# Calculating EMF from Coils in Rotating Magnetic Field

• Lonley_Shepherd
In summary, the conversation discusses the calculation of the emf generated by two ten turn coils in a radial magnetic field. The first term of the equation is found to be zero due to the direction of A(phi) and B being at right angles. To account for this, a different area is chosen that encloses the same path, resulting in the same integral value. This accounts for the non-zero flux in the loop. However, choosing a larger area does not increase the magnitude value of the integral.
Lonley_Shepherd
To find the emf generated by two ten turn coils, the planes of which are at 60 degrees in a radial magnetic field B=Bcos(theta)sin(omega*t) in the direction Ar, that rotates with omega rad/sec at the instant when the coil A1A2 makes an angle alpha with the plane of the maximum flux density.

Now to compute the emf we will ignore the effect of mutual inductance and will just calculate the field for each coil then add them.

we have: emf = -N (integral) dB/dt . ds + N (integral) v x B . dL

my problem is with the first term, the S area vector is in the direction of A(phi) as shown (talking about the A1A2 coil here) so the dot product result will be zero even though the differential of B is not zero.

now i checked it with my tutor then he says we have to consider another area as the flux is clearly not zero (not that clear to me), so:
ds= r*d(phi)*dz Ar to get a value for the flux in the loop.. !

what i can manage so far that he chose another area that enclosed the same path, but isn't the value of that term going to increase if we choose larger areas, so the more the area "chosen" the more the flux!.. then there's no exact magnitude for any area integral .. thanks for your help

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Moved to homework forum.

Why is A(phi) dot B zero? In your figure, they are not at right angles to each other.

the three coordinate directions am using are: A(r) A(phi) and A(z)
isnt A(r) . anything but A(r) zero?? as in A(x) . A(y) is zero

PS: i am not really asking about that particular question its the concept of intergrating over a surface that encloses a path, as explained in the previous post.

thank you

Last edited:
Lonley Sheperd said:
what i can manage so far that he chose another area that enclosed the same path, but isn't the value of that term going to increase if we choose larger areas, so the more the area "chosen" the more the flux!.. then there's no exact magnitude for any area integral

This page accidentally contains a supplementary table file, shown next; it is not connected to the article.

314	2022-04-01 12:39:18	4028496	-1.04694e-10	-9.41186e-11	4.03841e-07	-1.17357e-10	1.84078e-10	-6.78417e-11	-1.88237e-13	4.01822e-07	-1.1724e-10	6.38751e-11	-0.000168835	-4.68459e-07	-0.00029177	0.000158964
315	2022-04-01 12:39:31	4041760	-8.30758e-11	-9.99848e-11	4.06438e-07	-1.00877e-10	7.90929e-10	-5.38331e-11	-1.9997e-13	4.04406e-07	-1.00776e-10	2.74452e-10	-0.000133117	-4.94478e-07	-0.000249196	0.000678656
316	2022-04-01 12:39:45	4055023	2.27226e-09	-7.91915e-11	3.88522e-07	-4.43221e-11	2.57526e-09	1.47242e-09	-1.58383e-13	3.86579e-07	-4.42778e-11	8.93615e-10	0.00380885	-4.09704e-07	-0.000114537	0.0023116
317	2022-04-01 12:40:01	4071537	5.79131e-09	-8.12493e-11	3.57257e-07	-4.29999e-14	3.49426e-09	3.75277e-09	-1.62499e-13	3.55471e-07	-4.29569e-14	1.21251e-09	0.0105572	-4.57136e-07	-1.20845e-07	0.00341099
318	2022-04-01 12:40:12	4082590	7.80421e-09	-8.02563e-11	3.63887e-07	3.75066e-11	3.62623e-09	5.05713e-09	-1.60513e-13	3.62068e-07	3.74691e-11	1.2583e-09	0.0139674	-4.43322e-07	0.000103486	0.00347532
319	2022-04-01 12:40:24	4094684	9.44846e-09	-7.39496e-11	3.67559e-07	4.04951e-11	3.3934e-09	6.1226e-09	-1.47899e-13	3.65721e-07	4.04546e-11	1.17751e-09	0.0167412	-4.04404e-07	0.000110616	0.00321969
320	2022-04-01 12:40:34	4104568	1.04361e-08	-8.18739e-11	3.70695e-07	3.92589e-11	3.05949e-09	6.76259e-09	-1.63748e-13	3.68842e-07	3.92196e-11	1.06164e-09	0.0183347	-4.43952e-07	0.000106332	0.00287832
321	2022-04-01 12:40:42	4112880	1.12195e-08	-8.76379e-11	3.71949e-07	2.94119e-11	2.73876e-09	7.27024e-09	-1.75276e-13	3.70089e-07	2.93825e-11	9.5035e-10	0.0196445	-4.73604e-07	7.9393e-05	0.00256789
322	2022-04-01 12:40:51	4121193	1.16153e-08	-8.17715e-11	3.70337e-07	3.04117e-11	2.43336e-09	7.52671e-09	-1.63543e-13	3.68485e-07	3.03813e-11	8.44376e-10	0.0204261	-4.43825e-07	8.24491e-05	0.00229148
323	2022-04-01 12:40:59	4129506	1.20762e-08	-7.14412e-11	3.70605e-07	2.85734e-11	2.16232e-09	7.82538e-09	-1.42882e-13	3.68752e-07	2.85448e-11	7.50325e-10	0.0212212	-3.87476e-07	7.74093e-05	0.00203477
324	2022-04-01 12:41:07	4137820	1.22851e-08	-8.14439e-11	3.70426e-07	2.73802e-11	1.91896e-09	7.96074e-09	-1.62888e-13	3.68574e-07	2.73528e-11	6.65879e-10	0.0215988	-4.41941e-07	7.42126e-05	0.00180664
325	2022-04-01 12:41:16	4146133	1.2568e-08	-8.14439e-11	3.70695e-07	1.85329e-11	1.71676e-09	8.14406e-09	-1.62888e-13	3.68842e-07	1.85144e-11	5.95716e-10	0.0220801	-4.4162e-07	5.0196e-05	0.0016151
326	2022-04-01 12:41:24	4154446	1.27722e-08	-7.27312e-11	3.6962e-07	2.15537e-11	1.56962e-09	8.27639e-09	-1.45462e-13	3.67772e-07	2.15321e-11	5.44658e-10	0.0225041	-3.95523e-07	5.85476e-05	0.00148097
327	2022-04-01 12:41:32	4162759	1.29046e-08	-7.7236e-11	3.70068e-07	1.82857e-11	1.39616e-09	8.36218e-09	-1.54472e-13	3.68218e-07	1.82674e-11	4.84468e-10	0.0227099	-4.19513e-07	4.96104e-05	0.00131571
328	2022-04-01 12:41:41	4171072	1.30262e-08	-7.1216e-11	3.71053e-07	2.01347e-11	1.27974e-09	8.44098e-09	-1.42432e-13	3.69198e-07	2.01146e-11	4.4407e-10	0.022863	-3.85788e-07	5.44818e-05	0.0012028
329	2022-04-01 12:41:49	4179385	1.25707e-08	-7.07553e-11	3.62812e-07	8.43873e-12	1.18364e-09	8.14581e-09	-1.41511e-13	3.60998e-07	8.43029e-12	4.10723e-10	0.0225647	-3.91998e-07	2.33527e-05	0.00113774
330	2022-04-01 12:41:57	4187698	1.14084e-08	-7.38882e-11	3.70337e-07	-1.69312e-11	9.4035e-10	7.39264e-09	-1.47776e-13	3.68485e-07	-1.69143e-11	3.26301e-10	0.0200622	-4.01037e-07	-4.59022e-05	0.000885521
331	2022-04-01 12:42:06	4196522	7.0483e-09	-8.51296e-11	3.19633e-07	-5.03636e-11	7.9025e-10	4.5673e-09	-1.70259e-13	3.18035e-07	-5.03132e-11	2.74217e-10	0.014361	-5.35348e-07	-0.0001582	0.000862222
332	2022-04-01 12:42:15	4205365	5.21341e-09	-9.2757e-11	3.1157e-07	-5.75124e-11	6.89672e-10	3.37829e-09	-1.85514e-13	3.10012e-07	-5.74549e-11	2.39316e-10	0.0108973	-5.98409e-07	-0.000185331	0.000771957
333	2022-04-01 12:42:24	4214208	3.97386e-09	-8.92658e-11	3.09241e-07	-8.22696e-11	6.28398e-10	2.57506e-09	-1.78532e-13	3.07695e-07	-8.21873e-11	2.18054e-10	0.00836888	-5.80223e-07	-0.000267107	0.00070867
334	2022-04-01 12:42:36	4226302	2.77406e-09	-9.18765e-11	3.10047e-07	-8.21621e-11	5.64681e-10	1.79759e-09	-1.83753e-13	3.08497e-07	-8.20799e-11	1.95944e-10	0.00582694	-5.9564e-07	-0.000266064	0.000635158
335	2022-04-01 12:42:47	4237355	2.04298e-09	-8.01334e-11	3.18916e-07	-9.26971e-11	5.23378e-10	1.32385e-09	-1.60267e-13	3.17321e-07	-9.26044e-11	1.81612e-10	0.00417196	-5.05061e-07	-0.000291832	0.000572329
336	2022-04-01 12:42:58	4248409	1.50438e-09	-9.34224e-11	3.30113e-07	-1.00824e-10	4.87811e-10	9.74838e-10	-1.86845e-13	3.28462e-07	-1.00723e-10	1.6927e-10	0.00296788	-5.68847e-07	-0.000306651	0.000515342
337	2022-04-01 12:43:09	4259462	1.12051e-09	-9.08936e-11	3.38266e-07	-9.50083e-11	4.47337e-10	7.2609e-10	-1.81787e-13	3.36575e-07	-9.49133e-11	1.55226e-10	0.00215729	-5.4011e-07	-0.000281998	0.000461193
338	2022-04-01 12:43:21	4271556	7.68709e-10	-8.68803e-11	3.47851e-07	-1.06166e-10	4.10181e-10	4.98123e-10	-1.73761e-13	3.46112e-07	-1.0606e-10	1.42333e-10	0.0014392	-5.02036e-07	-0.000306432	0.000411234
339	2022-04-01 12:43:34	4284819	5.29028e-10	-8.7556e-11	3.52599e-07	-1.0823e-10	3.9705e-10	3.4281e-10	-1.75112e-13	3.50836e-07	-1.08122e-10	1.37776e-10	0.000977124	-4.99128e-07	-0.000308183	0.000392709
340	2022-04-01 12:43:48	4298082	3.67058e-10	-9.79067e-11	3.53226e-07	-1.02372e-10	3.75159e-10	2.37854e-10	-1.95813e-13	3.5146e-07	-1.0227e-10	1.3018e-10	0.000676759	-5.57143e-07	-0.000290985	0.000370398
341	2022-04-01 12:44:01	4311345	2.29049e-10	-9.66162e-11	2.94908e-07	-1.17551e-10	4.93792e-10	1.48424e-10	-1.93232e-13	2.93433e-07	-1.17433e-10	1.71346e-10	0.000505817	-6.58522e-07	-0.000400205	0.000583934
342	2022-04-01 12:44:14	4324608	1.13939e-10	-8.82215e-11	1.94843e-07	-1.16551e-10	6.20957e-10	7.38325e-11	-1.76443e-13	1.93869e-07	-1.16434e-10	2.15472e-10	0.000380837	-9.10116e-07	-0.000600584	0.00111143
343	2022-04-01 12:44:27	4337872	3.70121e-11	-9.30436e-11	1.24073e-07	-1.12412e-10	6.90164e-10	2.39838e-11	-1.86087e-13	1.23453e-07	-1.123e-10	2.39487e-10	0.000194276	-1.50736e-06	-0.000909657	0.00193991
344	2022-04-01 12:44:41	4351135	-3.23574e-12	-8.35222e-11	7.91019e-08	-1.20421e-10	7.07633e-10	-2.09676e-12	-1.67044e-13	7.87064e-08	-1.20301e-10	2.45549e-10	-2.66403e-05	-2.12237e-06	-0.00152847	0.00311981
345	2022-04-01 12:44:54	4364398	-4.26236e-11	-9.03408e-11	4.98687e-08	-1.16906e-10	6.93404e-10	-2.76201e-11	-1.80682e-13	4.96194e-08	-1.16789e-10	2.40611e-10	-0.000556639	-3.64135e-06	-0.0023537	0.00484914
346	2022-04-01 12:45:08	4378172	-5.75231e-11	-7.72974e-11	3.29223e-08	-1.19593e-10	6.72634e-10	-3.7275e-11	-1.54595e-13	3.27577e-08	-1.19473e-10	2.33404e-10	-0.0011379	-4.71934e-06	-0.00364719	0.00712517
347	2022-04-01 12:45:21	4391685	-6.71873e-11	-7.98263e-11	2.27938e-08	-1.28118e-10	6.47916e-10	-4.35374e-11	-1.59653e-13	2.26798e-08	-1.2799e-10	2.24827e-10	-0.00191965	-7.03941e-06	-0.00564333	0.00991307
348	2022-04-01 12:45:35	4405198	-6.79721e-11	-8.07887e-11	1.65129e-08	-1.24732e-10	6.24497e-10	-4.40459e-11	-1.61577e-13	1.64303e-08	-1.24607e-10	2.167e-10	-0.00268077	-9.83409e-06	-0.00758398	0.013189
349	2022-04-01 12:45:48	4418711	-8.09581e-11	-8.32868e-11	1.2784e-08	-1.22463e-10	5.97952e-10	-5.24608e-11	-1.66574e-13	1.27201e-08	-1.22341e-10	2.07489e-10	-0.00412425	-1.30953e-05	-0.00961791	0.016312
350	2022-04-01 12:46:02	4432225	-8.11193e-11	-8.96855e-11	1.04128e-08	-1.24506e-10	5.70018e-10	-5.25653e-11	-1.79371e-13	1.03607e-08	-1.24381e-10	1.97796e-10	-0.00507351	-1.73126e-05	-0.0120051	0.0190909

It won't include a larger value of B dot dS. If the area is bounded by the same path, then the integral of the dot product should be the same. Like if the surface is a flat disk or a hemisphere, if the equator is the bounding path for each, then the integral of the dot product should be the same.

okay.. can u give me a numerical example for that..
if B= B(t) A(r) then it will move out of the integral sign and the only term remaining is the (integral) ds , so the more the area chosen the higher the magnitude value of that term.. please help me with that

## 1. How do you calculate the EMF in a rotating magnetic field?

To calculate the EMF (electromotive force) in a rotating magnetic field, you can use the formula EMF = B x L x v, where B is the magnetic field strength, L is the length of the coil, and v is the velocity of the rotation.

## 2. What is a rotating magnetic field?

A rotating magnetic field is a magnetic field that changes direction and magnitude as it rotates around a central point. It is commonly created by the interaction between multiple magnetic fields, such as those produced by different coils in an electric motor.

## 3. How does a rotating magnetic field generate electricity?

When a conductor, such as a coil, is placed in a rotating magnetic field, the changing magnetic field induces an electric current in the conductor. This is known as electromagnetic induction and is the basis for creating electricity in generators and motors.

## 4. What factors affect the EMF generated by a rotating magnetic field?

The EMF generated by a rotating magnetic field is affected by the strength of the magnetic field, the speed of rotation, and the length and orientation of the coil. Additionally, the materials used in the construction of the coil and the presence of any external magnetic fields can also impact the EMF.

## 5. How is the EMF in a rotating magnetic field used in practical applications?

The EMF generated by a rotating magnetic field is used in a variety of practical applications, such as in electric motors, generators, and transformers. It is also used in devices like induction cooktops and wireless charging pads.

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